Is Preschool Too Early to Diagnose ADHD?

ADHD is traditionally diagnosed after age 6. But if your preschool student is abnormally hyperactive or impulsive, new evidence suggests you might consider an evaluation at 5 years old.

Preschoolers & ADHD, Part 2

The earlier, the better?

Robin S., of Englewood, Colorado, wishes she had done things differently when she suspected her son, Jacob, now eight, had ADHD. “I wish I had trusted my gut ,” she says. “I was always making excuses for Jacob’s behavior. I was ineffective as a parent. If I’d had a ‘real’ diagnosis, I could have advocated more effectively for my son.”

Although it remains unusual for children to be formally diagnosed with ADHD before elementary school, a growing number of health professionals realize the benefits of early diagnosis and treatment. Peter Jensen, M.D., Ruane Professor of child psychiatry at the Center for Advancement of Children’s Mental Health in New York City, maintains that parents should intervene before major damage is done to a child’s self-esteem. “You should avoid letting it get to the point that your child dislikes school or feels like a failure or is always in trouble. That can set the stage for a child to expect failure and act in self-protective ways (e.g., becoming the class clown or resorting to aggression), that, in turn, promote more negative feedback.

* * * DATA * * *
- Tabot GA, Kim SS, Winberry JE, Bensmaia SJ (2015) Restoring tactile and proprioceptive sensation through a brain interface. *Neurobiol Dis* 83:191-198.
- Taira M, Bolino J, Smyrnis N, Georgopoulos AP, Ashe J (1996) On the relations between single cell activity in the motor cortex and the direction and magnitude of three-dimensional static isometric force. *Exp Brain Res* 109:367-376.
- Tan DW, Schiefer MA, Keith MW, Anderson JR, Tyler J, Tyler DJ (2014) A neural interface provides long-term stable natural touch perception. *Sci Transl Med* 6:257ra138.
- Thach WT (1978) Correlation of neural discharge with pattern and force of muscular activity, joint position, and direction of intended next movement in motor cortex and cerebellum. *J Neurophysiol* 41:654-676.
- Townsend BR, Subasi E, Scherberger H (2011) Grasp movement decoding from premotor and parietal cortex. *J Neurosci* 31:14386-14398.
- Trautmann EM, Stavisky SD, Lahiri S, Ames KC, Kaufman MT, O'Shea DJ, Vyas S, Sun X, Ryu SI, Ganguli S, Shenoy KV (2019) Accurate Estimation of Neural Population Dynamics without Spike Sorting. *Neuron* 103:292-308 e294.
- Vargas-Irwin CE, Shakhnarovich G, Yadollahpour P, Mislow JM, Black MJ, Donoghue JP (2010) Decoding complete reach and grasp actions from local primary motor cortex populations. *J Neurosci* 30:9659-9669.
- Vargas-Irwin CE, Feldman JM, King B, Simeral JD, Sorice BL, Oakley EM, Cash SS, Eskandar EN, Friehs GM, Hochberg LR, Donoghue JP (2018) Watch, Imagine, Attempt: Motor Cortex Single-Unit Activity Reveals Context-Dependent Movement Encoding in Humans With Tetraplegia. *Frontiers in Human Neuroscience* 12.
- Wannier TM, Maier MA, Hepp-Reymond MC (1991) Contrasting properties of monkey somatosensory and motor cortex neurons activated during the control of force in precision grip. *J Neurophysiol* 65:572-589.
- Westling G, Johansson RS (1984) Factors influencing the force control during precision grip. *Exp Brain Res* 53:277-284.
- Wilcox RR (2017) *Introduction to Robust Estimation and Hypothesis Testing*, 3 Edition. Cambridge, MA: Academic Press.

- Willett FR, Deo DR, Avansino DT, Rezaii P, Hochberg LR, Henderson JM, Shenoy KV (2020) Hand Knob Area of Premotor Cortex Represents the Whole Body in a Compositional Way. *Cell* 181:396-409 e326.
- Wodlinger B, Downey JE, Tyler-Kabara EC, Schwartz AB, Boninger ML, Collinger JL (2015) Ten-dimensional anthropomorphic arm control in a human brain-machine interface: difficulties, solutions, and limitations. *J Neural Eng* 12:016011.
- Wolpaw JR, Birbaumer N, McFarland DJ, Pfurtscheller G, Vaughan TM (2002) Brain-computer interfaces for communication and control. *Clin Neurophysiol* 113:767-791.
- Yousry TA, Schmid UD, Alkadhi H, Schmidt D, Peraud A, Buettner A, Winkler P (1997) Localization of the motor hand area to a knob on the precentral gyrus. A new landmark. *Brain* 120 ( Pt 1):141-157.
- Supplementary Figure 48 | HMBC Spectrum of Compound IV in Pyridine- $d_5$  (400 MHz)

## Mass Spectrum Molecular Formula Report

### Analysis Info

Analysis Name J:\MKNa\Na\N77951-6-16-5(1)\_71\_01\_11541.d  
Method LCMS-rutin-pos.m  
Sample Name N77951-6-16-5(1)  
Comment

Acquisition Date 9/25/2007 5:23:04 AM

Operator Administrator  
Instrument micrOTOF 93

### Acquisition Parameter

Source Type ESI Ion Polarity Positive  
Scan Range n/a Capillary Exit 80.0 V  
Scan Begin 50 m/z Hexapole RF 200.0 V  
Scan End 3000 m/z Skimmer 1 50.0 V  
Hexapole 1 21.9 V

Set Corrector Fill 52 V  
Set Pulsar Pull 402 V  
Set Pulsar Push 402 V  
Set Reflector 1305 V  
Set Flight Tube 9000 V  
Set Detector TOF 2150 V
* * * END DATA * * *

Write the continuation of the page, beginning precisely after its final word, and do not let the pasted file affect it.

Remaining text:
“Youngsters who are carefully diagnosed by competent professionals show great benefits from early intervention,” says Brady. “They are more relaxed, more successful, and able to enjoy their childhoods.”

For Mary and her husband, a chance meeting at the neighborhood pool when Brandon was four years old made all the difference. “I was trying to talk Brandon through yet another tantrum when a mom walked over to say that Brandon reminded her of her son, now nine. She gestured toward a boy sitting on a towel, quietly playing cards with a couple of other boys. Her son, as it turned out, suffered from severe ADHD. She gave me her psychiatrist’s name and phone number and I called right there, from the pool, and made an appointment.”

After a thorough evaluation, the psychiatrist diagnosed Brandon with ADHD and started him on a low dose of medication just before he turned five. Mary and her husband enrolled in a structured behavior modification program and joined a local parent group for extra support. “I can’t say that life is perfect, but it is certainly light years ahead of where we were,” she says. "Had I seen a different pediatrician earlier on, or known that ADHD could be diagnosed and treated at a younger age, I could have spared our family a lot of heartache."


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